It is actually reported that there is immorality among you. You have become arrogant, and have not mourned instead, so that the one who had done this deed would be removed from your midst. For I, on my part, though absent in body but present in spirit, have already judged him who has so committed this. (1 Corinthians 5:1-3)

Paul clearly announced, “I have already judged him.” It is important to note that Paul called attention to this man’s sin (sexual immorality) in the presence of the congregation.

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Church Discipline & Defending the Faith, Part 1

From Voice, Jan/Feb 2015. Adapted from Stephen Davey’s book In Pursuit of Prodigals. Kress Biblical Resources (The Woodlands, TX, 2010).Used by permission.

Paul instructed Timothy to “fight the good fight of the faith” (1 Timothy 6:12) which means we must engage in an active defense of the faith. That battle for truth begins in the local church where truth and holiness must be defended. And of necessity that involves church discipline. But what exactly is church discipline?

Church discipline can be broadly defined as the “confrontive” and corrective measures taken by an individual, church leaders, or the congregation regarding a matter of sin in the life of a believer (Fritz Rienecker and Cleon Rogers, Linguistic Key to the Greek Testament. Regency, 1976, p. 237).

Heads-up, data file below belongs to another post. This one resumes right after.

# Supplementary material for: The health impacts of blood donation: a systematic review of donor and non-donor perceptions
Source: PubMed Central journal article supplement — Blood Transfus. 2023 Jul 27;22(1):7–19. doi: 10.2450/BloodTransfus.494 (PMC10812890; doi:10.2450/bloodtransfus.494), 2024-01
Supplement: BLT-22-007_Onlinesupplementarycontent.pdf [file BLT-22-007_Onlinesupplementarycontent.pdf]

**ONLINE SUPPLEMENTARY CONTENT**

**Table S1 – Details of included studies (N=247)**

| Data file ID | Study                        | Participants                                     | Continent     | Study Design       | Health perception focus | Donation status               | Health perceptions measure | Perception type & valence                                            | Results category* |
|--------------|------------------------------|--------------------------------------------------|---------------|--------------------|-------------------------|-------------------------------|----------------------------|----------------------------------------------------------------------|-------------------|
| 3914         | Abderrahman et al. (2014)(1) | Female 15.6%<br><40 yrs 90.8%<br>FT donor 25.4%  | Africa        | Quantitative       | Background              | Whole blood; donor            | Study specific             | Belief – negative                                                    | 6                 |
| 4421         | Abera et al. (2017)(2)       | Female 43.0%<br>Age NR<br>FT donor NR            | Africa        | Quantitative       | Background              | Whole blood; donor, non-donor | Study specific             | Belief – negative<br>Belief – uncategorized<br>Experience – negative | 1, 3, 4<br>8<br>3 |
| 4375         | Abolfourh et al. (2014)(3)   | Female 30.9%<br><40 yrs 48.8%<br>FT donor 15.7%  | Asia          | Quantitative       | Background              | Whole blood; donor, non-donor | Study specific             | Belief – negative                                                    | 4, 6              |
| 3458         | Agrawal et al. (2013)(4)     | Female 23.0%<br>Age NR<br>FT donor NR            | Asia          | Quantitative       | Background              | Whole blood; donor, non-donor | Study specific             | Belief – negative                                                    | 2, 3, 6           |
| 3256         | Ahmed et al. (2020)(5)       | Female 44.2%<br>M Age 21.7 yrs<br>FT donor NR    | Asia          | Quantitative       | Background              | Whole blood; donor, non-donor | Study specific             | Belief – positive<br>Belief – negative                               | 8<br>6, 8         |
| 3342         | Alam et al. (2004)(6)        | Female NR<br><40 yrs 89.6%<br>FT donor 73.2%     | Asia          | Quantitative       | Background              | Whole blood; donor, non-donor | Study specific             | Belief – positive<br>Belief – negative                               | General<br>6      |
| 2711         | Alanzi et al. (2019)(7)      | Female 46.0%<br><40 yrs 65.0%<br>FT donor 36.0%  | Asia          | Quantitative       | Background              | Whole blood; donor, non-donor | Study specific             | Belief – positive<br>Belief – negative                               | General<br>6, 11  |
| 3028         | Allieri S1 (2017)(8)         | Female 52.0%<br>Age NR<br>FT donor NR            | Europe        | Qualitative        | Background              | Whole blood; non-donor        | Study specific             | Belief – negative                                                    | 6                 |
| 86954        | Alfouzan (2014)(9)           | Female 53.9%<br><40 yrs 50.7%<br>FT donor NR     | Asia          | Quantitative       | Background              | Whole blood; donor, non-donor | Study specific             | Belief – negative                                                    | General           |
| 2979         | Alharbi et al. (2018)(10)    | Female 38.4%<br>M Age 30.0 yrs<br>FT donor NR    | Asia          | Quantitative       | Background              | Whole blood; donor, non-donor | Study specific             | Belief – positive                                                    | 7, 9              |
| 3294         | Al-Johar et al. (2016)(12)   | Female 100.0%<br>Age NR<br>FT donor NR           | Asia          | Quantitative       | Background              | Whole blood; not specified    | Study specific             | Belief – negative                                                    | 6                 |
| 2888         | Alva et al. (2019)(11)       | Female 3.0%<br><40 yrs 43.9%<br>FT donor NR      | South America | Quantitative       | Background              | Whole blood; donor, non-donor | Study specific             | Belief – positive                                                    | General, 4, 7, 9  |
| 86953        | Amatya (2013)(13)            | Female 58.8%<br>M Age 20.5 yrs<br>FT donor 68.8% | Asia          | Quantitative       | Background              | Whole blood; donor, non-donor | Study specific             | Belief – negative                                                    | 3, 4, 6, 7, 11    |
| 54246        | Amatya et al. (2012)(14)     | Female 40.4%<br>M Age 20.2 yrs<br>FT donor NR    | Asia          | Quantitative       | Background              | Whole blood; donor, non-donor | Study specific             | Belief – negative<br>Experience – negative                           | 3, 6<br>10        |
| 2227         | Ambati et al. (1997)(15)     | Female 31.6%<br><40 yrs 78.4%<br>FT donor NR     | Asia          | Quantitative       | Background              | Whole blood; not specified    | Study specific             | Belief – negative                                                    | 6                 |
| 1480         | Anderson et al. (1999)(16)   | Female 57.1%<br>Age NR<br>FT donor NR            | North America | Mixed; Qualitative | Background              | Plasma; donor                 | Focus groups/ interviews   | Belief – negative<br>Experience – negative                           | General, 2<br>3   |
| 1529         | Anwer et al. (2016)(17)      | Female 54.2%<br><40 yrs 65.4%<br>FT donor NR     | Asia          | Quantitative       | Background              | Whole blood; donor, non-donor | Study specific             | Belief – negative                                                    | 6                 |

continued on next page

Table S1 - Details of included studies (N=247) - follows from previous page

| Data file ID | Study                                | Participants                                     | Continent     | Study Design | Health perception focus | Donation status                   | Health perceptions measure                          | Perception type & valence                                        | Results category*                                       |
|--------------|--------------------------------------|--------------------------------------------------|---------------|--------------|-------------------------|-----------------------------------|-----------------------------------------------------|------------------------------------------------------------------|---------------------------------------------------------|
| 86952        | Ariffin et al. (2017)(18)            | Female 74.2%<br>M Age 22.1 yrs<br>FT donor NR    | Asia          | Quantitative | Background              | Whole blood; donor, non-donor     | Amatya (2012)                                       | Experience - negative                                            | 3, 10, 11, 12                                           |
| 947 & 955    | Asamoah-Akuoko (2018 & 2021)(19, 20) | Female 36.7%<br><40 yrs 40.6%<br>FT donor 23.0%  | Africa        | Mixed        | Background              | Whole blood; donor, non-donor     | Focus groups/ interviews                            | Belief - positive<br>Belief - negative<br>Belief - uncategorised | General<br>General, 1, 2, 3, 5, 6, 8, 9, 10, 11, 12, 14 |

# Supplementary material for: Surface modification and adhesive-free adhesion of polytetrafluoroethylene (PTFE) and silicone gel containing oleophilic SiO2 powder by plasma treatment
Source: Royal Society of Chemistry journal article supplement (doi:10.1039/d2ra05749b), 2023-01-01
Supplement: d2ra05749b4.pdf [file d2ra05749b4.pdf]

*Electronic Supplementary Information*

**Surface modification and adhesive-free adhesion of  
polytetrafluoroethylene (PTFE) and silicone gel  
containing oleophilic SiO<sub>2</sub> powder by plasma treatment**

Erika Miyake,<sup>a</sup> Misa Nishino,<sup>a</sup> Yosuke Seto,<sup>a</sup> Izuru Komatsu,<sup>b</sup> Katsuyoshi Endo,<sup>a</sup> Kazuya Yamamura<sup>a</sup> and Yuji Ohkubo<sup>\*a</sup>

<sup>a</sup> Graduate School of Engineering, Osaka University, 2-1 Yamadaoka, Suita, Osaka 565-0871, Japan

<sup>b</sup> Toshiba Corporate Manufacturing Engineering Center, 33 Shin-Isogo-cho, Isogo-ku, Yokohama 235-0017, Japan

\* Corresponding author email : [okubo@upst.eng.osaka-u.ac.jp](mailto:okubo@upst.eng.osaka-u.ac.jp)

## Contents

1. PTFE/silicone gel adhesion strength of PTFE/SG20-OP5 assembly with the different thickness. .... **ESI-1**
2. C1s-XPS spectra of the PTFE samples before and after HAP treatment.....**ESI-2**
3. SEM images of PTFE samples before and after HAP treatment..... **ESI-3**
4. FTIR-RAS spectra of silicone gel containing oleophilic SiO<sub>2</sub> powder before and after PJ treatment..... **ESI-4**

Discipline and discipling are actually interconnected actions with similar goals in mind.

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Were the Novatians Early Baptists? Cyprian on Church Discipline

(Read the series so far.)

Most Baptists would not disagree with Cyprian on church discipline if they would only read what he wrote. But Ernest Pickering’s characterization is representative of what most Baptists believe about this issue: “Basically, [Novatian] and his followers were contending for a stricter view of the requirements for church membership than was generally accepted in his day.”1 Thus, Novatian is a crusading separatist; Cyprian is a lax compromiser. The truth, however, is that Novatian was a schismatic exclusivist.

Cyprian on church discipline

Cyprian was not lax. He believed that the truly repentant ought to be re-admitted into fellowship, and that the un-repentant should be excluded. When some of the lapsed presumptuously demanded to be re-admitted to the church, Cyprian condemned this “seditious practice” and charged that the clergy who permitted it were “frightened and subdued” men who “were of little avail to resist them, either by vigour of mind or by strength of faith.”2 Instead, Cyprian advocated a moderate, sensible policy:

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James MacDonald Asks Forgiveness for Unbiblical Discipline of Harvest Bible Chapel Elders

“For many months, we have labored under the awareness that our church discipline of a year ago was a failure in many respects, not the least of which was the complete lack of biblically required restorative component, which wronged the brothers that we were attempting to help” CT